Hospice is a special kind of care for people facing life-limiting illnesses. An interdisciplinary team of professionals and volunteers provide pain control, symptom management, psychological and spiritual support for the patient. Hospice also includes support and assistance to the patient’s family. Hospice care can be delivered at home or in a comfortable inpatient care center, enabling families to remain together in peace, comfort and dignity.
Anyone can refer a patient to Catholic Hospice.
To be admitted, a patient must:
- Have an incurable disease with a life expectancy of six months or less, as certified by a physician. Catholic Hospice serves patients with all diagnoses, including: AIDS, Alzheimer’s, Cancer, Cardiac Disease, Congenital Disorders, Gastro-Intestinal Disease, Hematologic Disorders, Neurological Disorders and Renal Disease.
- Agree to treatment aimed at comfort rather than cure.
- Live in Miami-Dade, Broward or Monroe County at the time of service.
Hospice provides palliative care, which is a specialized medical care for people with serious illnesses. Palliative care focuses on providing patients with relief from the symptoms and stress of a serious illness. The goal is to improve quality of life for both the patient and the family.
Where palliative care programs and hospice care programs differ greatly is in the care location, timing, payment and eligibility for services. In hospice care, you must generally be considered to be terminal or within six months of death to be eligible for most hospice programs or to receive hospice benefits from your insurance. For palliative care, there are no time restrictions. Palliative care can be received by patients at any time, at any stage of illness whether it be terminal or not. Catholic Health Services offers Skilled Nursing and Rehabilitation services, which include palliative care for those with short-term or long-term care needs.
Since there are no time limits on when you can receive palliative care, it acts to fill the gap for patients who want and need comfort at any stage of any disease, whether terminal or chronic. In a palliative care program, there is no expectation that life-prolonging therapies will be avoided.
Medicare-certified hospices typically provide nursing care, social services, physician services, counseling services (including spiritual and dietary), home care aides, bereavement services, physical and occupational therapies and speech-language pathology services. Short term, in-patient care (for respite, pain control, and symptom management), continuous care in the home, and medical equipment and supplies (including drugs and biologicals) are also available. Additional services can be offered. Therefore, the range of hospice services may vary from program to program. Care is structured to keep families together in the least restrictive environment possible.
Learn more about Catholic Hospice’s services and programs.
- Hospice care is a cost-effective, preferred alternative to the services provided in hospitals, nursing homes, and other institutional settings.
- Hospice treats the person, instead of the disease; focuses on the patient and family, instead of just the patient’s condition. Hospice focuses on extending the quality of life, instead of its duration.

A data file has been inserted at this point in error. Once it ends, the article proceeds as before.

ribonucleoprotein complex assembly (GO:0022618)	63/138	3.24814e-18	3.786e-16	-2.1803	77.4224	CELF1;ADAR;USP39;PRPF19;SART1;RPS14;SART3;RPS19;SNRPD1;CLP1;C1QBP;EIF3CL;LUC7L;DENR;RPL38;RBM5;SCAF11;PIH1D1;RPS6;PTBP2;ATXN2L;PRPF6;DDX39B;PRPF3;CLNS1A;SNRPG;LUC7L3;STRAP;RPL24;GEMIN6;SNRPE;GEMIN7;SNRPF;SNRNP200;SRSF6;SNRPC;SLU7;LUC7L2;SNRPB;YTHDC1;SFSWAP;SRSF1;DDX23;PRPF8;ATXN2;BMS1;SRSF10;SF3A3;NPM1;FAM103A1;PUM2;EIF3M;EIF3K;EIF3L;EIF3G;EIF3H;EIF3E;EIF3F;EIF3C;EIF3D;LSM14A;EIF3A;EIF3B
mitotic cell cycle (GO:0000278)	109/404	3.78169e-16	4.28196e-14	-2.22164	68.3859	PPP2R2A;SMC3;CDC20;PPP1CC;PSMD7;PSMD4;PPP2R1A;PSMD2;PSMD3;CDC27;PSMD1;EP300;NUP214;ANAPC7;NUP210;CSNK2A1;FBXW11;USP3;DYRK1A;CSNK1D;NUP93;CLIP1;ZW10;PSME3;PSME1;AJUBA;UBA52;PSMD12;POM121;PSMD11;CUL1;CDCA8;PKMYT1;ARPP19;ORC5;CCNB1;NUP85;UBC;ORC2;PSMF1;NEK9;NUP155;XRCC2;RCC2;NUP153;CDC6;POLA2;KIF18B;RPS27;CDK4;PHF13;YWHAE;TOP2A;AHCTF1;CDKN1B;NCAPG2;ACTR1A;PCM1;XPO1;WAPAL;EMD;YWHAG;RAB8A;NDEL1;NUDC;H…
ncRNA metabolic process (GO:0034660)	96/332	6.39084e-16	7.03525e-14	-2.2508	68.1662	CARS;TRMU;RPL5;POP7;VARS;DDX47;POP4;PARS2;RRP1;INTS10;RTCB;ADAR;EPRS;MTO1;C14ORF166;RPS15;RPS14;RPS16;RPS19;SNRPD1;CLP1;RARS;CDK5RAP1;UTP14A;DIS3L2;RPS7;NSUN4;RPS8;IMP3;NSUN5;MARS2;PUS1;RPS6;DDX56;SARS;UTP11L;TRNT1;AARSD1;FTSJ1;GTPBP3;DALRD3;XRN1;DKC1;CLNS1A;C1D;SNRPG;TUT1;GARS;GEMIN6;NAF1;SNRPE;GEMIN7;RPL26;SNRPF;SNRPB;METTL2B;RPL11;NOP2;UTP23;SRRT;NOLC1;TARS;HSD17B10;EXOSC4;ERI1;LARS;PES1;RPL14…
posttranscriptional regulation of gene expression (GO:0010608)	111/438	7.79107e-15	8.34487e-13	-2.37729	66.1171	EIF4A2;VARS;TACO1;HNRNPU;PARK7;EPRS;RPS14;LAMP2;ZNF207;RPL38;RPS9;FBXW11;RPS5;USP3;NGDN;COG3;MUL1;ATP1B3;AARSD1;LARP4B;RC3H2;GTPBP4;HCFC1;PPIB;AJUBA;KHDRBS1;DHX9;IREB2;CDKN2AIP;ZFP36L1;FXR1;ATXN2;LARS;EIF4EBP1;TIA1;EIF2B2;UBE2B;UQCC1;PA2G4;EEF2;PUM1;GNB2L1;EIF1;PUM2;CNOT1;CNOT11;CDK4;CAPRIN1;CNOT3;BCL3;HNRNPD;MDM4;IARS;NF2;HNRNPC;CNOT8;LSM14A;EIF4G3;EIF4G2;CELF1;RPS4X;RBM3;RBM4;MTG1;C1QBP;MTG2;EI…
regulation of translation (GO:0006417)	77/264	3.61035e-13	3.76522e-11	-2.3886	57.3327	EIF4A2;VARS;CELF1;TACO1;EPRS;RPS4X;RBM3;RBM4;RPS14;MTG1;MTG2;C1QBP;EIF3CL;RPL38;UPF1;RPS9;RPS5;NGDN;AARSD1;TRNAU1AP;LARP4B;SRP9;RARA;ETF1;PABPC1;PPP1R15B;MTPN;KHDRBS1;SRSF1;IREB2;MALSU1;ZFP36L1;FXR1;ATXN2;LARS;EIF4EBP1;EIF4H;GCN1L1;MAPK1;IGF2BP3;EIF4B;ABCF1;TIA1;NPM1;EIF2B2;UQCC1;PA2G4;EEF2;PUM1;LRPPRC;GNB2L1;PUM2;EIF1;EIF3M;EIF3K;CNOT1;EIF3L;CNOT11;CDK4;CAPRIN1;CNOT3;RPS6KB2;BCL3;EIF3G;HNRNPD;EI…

- Hospice uses the combined knowledge and skills of an interdisciplinary team of professionals, including physicians, nurses, home care aides, social workers, spiritual caregivers, counselors, and volunteers.
- Catholic Hospice spends more time with the patient and their loved ones than any other hospice provider in Broward County.
Hospice services are covered by Medicare, Medicaid and most private insurance and managed care plans. Hospices heavily rely on grants and community support to fund services for patients with little or no insurance. Catholic Hospice raises funds for indigent patients who have no insurance or whose insurance does not cover all costs of care.
A health care advance directive is a written or oral statement made and witnessed in advance of serious illness or injury to address medical situations that may arise when a person becomes unable to make one’s own decisions. Executing an advance directive exercises good stewardship over the gift of life.
There are two forms of advance directives: the designation of health care surrogate, which authorizes a person to make decisions for the incapacitated patient, and the living will, which gives instructions to physicians and caregivers regarding medical care and treatment at the end of life. The Catholic Declaration on Life and Death merges both forms into one directive.
Every adult, 18 years of age and older, should designate in writing at least one health care surrogate to assist them in reviewing treatment options for an unexpected health crisis.
The health care surrogate should be chosen carefully as someone who will represent the patient’s wishes regarding medical care and treatment or act in the patient’s best interest if those wishes are unknown.
The Catholic Declaration on Life and Death is a health care advance directive for Florida’s Catholics and is approved by the Bishops of Florida. This directive conforms to both Florida law and the teaching of the Church. Designating a health care surrogate and providing guidance for end-of-life decisions is the best way to ensure that morally acceptable procedures are followed if you become incapacitated or unable to express your own wishes in the event of a medical emergency.
For more information on Advance Directives, please read on: Understanding The Catholic Declaration on Life and Death